Are your roses sporting new leaves that glisten in the sunlight and are slightly sticky to the touch? Seeing a trail of ants crawling up the trunk of your plum tree? How about powdery black stuff on your camellia bush or the garden furniture next to it? All are indicators that sucking insects may have arrived and need your attention.
There’s a group of soft-bodied insects - aphids, mealybugs, soft scale and whiteflies being the most common, that feed by sucking juices from plants. The direct damage they inflict on the plant can cause spotted, bleached or curled foliage and stunted growth. Indirect damage comes from the waste they produce. The pests can’t utilize all the sugar in the rich sap they draw from the plant, and excrete the excess in the form of honeydew, that looks just like drops of honey on foliage. When pest populations build-up, the sticky honeydew can drip from one part of the plant to another, or to anything around it – other plants, walls, walkways and more. And if that wasn’t bad enough, that honeydew provides the perfect growth medium for sooty mold, a black or dark gray coating on the surface of plant leaves and stems (or other non-living surfaces). This unsightly fungus doesn’t attack plants directly but can weaken them. Then there are the ants. They love honeydew and will fiercely protect those soft-bodied producers, especially aphids, from predators, in order to keep that sugary stuff coming.
Aphids are small green, yellow, white, brown or black pear-shaped insects. Most species have a pair of tube-like structures projecting from their hind end – differentiating them from other insects. They attack a huge range of plants with roses, apples, flowering plums and many vegetables being favorites.
Little oval insects with a waxy, white, cottony appearance, mealybugs are slow moving and usually found in clusters along leaf veins, on the underside of leaves, and in hidden areas at joints. They thrive in trees and shrubs, both indoors and out, and love all types of citrus.
Up to 1⁄4 inch-long, soft scale are named for the shell-like covering that conceals their bodies. They can be found on the stems, twigs, trunks, foliage, or fruit of a wide range of trees or shrubs.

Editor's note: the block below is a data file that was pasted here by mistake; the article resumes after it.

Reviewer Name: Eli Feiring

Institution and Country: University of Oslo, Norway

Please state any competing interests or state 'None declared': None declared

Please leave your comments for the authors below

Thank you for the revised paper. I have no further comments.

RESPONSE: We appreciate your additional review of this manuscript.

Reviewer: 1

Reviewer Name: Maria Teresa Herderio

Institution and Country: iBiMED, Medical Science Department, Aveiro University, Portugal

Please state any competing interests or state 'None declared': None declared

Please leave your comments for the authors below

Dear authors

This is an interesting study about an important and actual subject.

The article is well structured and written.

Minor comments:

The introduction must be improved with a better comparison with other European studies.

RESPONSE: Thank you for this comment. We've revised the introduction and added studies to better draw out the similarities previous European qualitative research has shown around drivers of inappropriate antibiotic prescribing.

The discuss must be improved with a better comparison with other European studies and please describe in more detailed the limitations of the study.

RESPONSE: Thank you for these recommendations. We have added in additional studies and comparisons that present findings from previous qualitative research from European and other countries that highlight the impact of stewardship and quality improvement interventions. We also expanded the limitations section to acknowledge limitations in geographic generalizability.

Whiteflies are tiny with yellowish bodies and whitish wings. They develop rapidly in warm weather; they fly up in a cloud if you disturb an infected plant. Fuchsias, geraniums, many herbaceous ornamentals, tomatoes and most vegetables are some of their favored plants.
You can save yourself a whole lot of energy and protect your plants by preventing sucking pests from getting established. Some general measures include:
- Purchase pest-free plants.
- Inspect plants often for the presence of honeydew producers, honeydew, sooty mold or ants crawling up woody plants or trees.
- Don’t overfertilize; high levels of nitrogen fertilizer can over stimulate new plant growth, attracting pests.
- Encourage natural enemies; provide habitat conducive to their needs - a variety of nectar and pollen producing species, shelter, and some pests to feed on.
If you do see any of the honeydew producers, act quickly. Light infestations can usually be eliminated with a minimum of effort. Start by knocking pests off plants with a strong spray of water and repeating every few days as needed. Prune out any shoots, leaves, twigs or other plant parts that are infested and discard. Where ants are visible, wrap the trunk of the plant or tree with sticky tape to catch the ants and prevent them from tending to the sucking pests.
Sucking pests are difficult to control with pesticides; developing and maintaining healthy populations of natural enemies, both predators (lady beetles, lacewings and soldier beetles) and parasites, is a more effective long-term management strategy.
Oh, and if you do find sooty mold (and have removed the source of honeydew), it will gradually weather away, or can be washed off with a strong stream of water or soap and water.